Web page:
I am just saying the mere fact that public preaching will not be accepted by everyone or will not be liked by everyone does not automaticall mean it does not have a role to play.

              We have to think more seriously and intelligently about such issues, rather than just hand out pamphlets on the street corner as if that is the only “da’wah” or never once communicate the teachings of Islam to those who may not know them because that is more comfortable for us.

            • AA 1:58 pm on July 5, 2010 Permalink

              Abu Noor, I can respect your opinions; however, I am of the opinion that in current times and age, the dawah by action is more appropriate than dawah by words. One can be a best Muslim with his/her actions and deeds and you won’t even need a personal intention to convert anyone or preach. The best of action and deeds is the Muslim dawah.

    • plimfix 9:26 pm on July 3, 2010 Permalink | Log in to Reply

      If Muslims want to do dawa, then it’s up to them – after all, if you think Islam is objectively the ultimate truth, surely you’d want people to be part of that? And don’t people get individualist materialist consumerism dawa-ed down their throat? – we should endeavour to compete with that nonsense if nothing else. Personally, I agree with Terry Pratchett who apparently once said the best way to educate people is to build a library and then open the doors. Just make sure some decent books about Islam are on the shelves. And on schools’ bookshelves, too.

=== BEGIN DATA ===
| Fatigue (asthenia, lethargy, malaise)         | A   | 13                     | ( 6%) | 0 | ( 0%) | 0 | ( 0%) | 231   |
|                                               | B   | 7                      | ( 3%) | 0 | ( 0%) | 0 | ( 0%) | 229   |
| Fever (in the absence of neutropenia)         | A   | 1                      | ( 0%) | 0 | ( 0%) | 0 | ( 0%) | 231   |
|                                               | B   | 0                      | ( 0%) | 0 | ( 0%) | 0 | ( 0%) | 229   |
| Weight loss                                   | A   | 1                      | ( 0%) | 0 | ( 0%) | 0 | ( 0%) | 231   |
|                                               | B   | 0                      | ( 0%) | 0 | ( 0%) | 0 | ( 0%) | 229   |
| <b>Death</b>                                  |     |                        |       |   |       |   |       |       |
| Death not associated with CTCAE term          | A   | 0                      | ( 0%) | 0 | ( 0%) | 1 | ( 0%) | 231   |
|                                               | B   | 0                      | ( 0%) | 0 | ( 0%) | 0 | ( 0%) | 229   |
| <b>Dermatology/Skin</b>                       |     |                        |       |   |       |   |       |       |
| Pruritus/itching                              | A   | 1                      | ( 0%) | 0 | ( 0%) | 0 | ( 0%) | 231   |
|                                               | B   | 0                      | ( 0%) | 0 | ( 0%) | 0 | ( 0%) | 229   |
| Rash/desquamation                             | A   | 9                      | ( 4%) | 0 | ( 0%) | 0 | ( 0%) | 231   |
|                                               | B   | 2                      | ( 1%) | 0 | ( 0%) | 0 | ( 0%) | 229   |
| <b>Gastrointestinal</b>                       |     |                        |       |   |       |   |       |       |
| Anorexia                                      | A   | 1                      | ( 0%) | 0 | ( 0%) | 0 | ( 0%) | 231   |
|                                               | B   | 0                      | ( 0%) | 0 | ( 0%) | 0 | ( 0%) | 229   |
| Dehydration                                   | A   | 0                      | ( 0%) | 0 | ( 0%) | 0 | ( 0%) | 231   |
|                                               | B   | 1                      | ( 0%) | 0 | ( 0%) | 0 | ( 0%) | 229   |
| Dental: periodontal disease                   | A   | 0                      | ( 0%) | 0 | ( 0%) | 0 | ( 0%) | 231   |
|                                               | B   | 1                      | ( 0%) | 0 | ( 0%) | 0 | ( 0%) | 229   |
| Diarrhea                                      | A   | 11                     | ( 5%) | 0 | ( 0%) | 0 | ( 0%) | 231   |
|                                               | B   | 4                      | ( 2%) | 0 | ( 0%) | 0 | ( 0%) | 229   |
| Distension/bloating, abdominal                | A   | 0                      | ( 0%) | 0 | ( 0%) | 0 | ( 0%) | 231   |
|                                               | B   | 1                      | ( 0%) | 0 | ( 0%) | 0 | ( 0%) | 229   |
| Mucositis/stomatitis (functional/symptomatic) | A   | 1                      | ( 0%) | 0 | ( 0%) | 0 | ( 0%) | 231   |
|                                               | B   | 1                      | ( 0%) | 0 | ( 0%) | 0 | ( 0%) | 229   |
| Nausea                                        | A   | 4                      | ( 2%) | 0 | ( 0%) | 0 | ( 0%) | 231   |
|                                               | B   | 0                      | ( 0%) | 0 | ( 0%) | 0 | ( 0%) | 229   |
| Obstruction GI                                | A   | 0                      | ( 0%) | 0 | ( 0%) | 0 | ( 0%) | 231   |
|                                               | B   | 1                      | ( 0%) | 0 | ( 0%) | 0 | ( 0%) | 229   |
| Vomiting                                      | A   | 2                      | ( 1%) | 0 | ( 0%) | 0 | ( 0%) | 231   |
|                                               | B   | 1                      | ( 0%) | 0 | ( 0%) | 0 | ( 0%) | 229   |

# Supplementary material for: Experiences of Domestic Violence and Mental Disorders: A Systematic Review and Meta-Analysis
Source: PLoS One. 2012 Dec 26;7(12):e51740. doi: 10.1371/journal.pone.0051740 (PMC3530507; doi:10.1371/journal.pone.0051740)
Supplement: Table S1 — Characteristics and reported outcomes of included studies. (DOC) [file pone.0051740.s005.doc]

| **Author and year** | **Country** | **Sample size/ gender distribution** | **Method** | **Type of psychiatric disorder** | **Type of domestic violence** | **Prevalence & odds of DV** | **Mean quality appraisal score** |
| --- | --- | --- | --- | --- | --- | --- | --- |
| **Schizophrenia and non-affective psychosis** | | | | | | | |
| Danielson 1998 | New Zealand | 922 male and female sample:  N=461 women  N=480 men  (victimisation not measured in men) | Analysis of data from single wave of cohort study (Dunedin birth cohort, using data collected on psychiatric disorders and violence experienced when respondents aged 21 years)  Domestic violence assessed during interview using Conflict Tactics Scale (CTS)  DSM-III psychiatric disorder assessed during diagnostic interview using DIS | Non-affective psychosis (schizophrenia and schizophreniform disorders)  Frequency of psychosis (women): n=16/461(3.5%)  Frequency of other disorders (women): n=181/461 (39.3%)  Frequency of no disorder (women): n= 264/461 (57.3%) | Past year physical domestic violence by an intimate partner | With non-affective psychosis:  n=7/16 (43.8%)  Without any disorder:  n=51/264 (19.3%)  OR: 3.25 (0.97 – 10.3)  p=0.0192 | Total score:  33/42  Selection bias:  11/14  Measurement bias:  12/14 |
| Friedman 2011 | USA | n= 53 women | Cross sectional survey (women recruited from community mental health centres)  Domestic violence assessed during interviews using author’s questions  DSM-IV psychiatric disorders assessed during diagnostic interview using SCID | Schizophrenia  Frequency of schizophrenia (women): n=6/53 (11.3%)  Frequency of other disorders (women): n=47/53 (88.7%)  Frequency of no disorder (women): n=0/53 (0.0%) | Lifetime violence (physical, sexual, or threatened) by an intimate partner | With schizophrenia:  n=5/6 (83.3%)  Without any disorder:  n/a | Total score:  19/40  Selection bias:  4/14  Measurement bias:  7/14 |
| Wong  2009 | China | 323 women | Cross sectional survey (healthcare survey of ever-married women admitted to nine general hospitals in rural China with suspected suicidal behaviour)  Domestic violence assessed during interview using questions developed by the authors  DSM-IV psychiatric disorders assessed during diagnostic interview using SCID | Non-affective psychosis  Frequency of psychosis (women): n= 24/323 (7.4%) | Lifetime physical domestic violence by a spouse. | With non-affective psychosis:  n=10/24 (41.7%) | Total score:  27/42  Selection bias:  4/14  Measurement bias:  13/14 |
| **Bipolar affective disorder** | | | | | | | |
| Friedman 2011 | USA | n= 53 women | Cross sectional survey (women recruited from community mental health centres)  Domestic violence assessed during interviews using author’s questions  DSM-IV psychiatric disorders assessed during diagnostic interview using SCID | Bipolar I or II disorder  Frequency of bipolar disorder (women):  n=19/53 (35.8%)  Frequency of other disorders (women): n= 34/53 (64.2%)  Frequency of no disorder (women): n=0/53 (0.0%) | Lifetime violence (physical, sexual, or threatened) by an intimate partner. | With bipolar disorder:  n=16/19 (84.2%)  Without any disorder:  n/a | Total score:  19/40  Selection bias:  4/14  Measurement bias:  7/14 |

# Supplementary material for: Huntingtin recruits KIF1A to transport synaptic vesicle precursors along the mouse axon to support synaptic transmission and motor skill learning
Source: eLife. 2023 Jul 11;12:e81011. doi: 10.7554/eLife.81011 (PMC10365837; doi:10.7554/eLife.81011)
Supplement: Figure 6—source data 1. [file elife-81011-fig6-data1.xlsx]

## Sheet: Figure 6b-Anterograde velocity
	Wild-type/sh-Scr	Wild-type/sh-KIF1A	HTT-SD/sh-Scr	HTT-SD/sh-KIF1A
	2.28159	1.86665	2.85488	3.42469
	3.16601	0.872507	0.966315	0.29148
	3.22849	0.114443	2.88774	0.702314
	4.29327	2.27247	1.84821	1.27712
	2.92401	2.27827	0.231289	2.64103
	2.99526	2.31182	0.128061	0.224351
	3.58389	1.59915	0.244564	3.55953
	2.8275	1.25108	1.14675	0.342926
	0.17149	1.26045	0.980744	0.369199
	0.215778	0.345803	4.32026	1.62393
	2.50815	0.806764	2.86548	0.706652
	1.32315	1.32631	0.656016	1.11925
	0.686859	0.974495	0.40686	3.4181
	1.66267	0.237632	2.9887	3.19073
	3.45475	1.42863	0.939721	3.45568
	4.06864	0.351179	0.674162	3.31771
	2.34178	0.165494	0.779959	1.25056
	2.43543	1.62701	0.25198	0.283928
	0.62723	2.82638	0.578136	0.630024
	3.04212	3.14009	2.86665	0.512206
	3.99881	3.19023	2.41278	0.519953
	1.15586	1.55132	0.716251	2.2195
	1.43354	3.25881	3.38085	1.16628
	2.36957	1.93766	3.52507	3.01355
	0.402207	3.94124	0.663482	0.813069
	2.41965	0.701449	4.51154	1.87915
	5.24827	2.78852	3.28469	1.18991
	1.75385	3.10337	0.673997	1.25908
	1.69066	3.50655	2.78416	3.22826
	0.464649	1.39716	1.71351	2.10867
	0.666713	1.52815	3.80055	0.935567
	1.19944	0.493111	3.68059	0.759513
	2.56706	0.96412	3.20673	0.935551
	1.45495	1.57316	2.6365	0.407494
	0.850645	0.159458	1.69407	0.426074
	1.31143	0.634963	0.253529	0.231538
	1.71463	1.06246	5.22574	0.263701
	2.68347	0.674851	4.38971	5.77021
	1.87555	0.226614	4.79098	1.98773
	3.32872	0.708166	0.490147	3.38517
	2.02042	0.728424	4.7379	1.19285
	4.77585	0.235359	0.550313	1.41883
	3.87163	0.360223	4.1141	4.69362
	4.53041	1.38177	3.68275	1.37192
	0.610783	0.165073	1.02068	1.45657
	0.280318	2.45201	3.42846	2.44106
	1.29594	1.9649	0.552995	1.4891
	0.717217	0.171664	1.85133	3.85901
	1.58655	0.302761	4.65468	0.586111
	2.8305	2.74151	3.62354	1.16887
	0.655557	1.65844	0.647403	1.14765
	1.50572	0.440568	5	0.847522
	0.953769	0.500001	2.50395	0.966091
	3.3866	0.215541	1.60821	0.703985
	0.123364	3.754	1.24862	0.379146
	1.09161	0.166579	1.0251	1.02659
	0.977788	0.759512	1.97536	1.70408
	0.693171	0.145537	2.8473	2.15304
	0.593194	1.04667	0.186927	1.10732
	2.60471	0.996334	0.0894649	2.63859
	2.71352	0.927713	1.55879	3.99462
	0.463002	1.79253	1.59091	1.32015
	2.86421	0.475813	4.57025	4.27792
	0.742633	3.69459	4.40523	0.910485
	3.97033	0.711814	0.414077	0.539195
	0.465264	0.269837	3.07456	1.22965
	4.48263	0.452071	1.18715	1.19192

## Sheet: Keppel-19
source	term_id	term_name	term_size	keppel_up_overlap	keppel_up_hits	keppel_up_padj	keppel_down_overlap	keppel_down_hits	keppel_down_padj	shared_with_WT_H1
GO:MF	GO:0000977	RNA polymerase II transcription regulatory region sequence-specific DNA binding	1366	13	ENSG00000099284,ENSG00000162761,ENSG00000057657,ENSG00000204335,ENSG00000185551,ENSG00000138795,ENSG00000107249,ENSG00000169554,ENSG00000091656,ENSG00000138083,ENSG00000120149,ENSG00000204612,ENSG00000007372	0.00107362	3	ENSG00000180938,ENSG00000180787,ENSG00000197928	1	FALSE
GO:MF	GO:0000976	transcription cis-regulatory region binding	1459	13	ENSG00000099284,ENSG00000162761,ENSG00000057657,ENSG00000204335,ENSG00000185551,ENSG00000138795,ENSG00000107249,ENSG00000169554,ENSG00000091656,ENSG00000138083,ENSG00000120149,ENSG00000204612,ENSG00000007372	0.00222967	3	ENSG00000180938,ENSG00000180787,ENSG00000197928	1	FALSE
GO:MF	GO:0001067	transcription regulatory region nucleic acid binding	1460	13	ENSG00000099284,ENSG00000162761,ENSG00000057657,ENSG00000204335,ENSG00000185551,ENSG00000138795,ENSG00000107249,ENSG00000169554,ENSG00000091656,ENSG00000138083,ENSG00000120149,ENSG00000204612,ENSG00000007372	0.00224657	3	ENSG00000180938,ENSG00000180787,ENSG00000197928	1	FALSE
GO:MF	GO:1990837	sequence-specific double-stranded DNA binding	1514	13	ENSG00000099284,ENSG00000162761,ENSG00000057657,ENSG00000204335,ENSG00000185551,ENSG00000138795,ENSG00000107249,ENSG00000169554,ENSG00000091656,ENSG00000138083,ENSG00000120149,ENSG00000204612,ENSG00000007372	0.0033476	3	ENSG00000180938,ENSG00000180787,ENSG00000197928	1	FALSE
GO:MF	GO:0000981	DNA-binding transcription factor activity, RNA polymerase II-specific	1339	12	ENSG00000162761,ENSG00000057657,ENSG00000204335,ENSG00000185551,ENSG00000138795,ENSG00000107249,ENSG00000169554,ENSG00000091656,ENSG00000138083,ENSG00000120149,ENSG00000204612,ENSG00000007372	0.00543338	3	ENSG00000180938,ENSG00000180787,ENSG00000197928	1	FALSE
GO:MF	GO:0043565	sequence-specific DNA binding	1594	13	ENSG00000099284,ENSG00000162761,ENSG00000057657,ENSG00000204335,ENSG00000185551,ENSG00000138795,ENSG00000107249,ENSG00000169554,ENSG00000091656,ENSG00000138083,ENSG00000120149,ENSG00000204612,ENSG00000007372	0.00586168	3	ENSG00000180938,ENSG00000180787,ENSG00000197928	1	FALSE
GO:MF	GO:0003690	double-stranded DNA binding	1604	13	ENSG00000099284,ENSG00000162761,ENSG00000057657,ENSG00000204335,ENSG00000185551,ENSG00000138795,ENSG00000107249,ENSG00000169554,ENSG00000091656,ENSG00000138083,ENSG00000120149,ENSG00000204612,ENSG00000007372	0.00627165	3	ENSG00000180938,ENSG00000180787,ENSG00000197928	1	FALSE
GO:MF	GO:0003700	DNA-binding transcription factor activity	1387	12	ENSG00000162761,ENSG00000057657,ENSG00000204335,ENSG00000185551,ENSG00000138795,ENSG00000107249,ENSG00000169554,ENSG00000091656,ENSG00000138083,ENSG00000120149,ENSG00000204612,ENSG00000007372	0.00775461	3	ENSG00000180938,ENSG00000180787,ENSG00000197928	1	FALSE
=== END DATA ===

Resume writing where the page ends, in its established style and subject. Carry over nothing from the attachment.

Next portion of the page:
• thabet 4:47 am on July 4, 2010 Permalink | Log in to Reply

        Nothing wrong with preaching if that’s your thing. Not only religious groups preach, of course: many leftists are quite good at it too :) I stuck up the link to get some discussion going on here.

        Even Hasan doesn’t say no to ‘dawa': he seems to be arguing for a different kind of dawa, one of practice, rather than pamphlets and stalls.

    • Lawrence of Arabia 8:41 pm on July 4, 2010 Permalink | Log in to Reply

      the whole discussion reminds me of St. Francis’ famous dictum:

      “Preach the Gospel always; if necessary, use words.”

    • Abu Noor 9:36 am on July 5, 2010 Permalink | Log in to Reply

      Excellent advice. By the way, I have never once in my life gone up to a stranger or even a friend or family member and started telling them about Islam unsolicited. This is just to say I understand the concerns about what people usually think of as da’wah.

      Alhamdulillah, being someone who is visibly Muslim, and a convert and who speaks in various interfaith or other educational programs, people will often ask me questions which allow me to talk about Islam.

  • thabet 11:22 pm on August 2, 2009 Permalink
    Tags: , , polemics,   

    Johann Hari writes a polemic against Andrew Roberts, the “extremely right-wing” historian and champion of the British Empire.